The ALJ reviewed the medical evidence of record, and determined that Hamon was capable of a range of sedentary work through his date last insured. R. 16. The ALJ gave great weight to the conclusions of the FCE performed in August 2000 by Terri Ferrier. R. 18. The ALJ concurred with Dr. Joiner's finding in September 2003 that Hamon was capable of lifting 30 pounds occasionally and 10-15 pounds frequently, but should not perform prolonged, repetitive bending or lifting with his arms extended in front of the body. R. 18. The ALJ gave only moderate weight to Dr. Joiner's conclusions as a whole, however, disagreeing with his finding that Hamon would need an at-will sit/stand option at work. R. 18. The ALJ also gave moderate weight to the opinions of the state agency physicians that Hamon was capable of light work, finding that a limitation of sedentary work was more appropriate based upon the medical evidence. The ALJ gave the opinion of Dr. Humphries little weight, although it was consistent with the ALJ's decision, because it was rendered several years after the relevant period. R. 19. The ALJ likewise gave minimal weight to the opinion of Dr. Dallis, finding it retrospective, unsupported, and inconsistent with the medical evidence. R. 19.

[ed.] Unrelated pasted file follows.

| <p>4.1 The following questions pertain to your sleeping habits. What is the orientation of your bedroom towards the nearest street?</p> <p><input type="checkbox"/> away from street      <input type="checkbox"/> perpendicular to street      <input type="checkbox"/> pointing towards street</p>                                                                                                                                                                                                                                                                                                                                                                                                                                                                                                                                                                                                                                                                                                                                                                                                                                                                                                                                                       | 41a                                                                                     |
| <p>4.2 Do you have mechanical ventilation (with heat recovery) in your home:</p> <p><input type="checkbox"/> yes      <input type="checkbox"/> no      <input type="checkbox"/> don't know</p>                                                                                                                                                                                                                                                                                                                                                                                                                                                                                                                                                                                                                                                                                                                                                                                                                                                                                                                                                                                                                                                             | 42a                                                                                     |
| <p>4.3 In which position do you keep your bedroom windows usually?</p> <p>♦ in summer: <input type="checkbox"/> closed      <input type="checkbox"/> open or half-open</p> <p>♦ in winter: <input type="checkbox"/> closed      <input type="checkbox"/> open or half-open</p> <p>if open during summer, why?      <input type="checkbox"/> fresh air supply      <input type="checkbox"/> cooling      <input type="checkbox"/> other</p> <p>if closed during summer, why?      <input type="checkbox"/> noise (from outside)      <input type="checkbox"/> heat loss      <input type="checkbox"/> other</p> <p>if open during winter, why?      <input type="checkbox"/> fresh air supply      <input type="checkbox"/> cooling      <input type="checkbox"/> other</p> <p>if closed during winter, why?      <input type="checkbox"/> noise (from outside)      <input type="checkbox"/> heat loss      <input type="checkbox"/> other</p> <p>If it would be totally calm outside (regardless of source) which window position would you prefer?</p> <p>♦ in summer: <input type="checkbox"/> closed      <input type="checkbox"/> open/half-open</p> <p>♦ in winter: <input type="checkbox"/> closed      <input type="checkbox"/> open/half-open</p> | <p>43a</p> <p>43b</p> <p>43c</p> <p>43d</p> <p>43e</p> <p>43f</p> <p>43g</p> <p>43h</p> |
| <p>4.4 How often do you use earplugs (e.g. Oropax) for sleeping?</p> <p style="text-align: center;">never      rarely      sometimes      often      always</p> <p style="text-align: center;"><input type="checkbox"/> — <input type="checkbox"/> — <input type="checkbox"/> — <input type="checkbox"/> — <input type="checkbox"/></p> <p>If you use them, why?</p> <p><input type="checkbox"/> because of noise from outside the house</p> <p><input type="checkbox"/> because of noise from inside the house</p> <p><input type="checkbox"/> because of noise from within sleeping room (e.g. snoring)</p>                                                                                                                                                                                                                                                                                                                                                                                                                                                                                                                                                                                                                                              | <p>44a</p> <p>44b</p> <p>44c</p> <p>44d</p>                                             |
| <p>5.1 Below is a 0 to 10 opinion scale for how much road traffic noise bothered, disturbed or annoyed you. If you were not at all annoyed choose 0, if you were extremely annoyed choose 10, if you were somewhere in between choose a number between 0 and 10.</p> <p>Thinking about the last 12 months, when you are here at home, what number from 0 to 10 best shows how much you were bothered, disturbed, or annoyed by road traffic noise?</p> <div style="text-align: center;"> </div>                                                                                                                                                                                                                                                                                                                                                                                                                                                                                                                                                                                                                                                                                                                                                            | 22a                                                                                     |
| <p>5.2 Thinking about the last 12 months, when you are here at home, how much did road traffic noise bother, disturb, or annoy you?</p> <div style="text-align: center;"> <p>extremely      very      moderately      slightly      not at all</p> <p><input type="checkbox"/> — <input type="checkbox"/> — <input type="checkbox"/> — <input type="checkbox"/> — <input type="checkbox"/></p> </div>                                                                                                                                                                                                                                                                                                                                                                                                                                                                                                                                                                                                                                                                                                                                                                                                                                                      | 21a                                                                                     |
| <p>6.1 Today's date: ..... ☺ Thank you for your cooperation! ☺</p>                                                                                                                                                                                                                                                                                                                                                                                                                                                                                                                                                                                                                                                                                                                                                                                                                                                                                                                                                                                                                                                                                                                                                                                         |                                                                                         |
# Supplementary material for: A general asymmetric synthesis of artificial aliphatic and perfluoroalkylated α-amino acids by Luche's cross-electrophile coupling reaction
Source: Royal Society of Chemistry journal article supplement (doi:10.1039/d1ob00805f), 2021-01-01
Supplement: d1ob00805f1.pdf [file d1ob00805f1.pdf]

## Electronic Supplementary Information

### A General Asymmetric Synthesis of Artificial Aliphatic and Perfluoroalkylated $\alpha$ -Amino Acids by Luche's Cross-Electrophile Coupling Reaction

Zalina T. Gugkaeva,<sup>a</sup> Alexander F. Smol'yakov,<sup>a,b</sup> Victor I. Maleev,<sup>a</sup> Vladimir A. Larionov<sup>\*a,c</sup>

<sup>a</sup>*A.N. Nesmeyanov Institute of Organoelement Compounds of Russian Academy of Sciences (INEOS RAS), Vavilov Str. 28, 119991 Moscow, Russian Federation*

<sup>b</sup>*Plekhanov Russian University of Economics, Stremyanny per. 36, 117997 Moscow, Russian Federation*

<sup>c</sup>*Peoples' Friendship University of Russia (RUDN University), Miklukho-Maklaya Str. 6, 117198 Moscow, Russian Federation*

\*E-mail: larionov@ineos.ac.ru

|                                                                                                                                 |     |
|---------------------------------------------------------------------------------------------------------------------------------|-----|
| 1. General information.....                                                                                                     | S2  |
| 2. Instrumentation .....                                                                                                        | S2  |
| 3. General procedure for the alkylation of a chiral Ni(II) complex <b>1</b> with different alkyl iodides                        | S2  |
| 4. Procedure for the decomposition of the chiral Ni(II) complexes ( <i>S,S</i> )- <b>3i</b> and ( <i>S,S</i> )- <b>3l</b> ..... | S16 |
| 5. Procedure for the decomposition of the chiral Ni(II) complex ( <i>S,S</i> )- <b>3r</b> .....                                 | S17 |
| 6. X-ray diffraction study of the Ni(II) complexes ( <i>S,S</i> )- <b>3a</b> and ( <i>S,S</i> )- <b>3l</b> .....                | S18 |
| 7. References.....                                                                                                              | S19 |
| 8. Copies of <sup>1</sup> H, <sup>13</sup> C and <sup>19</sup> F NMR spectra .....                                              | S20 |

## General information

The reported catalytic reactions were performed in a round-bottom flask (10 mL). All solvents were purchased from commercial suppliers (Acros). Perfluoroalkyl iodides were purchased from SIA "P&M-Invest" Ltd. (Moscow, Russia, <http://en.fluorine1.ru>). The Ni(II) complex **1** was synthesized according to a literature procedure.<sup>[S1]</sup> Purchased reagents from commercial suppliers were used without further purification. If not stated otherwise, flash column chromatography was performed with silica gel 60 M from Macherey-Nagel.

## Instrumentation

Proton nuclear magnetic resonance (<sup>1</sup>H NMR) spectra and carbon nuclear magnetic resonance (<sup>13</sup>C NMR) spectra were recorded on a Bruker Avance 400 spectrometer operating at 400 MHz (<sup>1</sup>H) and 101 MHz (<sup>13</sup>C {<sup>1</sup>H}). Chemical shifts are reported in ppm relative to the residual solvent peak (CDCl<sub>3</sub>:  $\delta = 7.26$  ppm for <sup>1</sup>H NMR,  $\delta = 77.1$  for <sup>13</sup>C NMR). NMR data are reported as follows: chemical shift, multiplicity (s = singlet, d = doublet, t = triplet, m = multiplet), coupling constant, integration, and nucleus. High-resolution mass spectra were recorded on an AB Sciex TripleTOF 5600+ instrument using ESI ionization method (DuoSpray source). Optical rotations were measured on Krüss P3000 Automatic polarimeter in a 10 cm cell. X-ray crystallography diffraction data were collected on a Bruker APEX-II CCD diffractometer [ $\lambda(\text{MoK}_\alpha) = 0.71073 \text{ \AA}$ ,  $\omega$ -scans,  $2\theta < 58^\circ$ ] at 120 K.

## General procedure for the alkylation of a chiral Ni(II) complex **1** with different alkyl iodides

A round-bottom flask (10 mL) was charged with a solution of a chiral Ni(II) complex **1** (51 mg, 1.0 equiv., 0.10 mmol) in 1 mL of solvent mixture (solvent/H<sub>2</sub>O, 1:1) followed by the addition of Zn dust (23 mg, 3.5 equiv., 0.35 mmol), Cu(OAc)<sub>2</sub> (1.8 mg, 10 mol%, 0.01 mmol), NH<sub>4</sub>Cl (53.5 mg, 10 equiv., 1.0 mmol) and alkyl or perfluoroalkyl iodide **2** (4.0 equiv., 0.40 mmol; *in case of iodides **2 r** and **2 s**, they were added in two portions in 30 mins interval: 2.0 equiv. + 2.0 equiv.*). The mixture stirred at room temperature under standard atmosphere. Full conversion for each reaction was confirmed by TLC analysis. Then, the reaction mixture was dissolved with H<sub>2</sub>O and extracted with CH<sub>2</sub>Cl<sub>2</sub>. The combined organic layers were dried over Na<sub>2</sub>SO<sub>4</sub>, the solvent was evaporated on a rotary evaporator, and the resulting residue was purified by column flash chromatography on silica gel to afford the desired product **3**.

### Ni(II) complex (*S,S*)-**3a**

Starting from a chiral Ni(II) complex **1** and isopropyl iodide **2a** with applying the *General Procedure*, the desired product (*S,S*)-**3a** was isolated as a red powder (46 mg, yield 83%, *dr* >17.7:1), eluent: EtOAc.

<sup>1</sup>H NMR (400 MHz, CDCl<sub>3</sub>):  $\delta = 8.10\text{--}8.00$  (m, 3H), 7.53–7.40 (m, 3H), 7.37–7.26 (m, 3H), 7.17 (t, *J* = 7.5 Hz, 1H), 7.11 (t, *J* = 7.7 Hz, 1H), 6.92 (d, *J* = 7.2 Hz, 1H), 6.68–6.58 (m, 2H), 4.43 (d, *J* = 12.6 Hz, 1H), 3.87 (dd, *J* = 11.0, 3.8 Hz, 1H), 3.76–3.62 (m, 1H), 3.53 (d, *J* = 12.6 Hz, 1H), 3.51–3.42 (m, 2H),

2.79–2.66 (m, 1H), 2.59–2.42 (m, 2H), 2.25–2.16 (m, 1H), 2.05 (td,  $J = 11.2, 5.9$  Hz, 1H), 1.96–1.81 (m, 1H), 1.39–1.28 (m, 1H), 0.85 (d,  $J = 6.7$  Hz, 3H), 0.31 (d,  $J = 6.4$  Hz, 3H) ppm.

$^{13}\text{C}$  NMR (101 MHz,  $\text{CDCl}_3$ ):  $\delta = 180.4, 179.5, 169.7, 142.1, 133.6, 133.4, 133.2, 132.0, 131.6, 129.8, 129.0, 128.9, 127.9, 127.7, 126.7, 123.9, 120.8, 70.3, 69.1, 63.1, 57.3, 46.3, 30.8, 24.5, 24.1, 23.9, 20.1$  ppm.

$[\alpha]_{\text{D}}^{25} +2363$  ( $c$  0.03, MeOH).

Hamon argues that the ALJ's decision was not supported by substantial evidence, and that he "selectively gleaned statements" from the records to support his findings. Hamon does not point to any specific evidence that the ALJ failed to consider, or any standard of law that the ALJ failed to follow. Rather, Hamon simply argues that, based upon the facts in the record, the ALJ should have found that he was incapable of performing sedentary work during the closed period at issue. Hamon's argument is nothing more than an invitation to re-analyze the facts, re-weight the evidence and make a de novo determination of the proper RFC in this matter, which I am not permitted to do under the regulations. The issue before this Court is not whether it is plausible that a different fact finder could have drawn a different conclusion or even if the weight of the evidence supports a finding of disability. The standard is whether the ALJ's decision is supported by substantial evidence. So long as this standard-defined as more than a mere scintilla but perhaps somewhat less than a preponderance-is met, I cannot recommend reversing the ALJ. Craig v. Chater , 76 F.3d 585, 589 (4th Cir. 1996).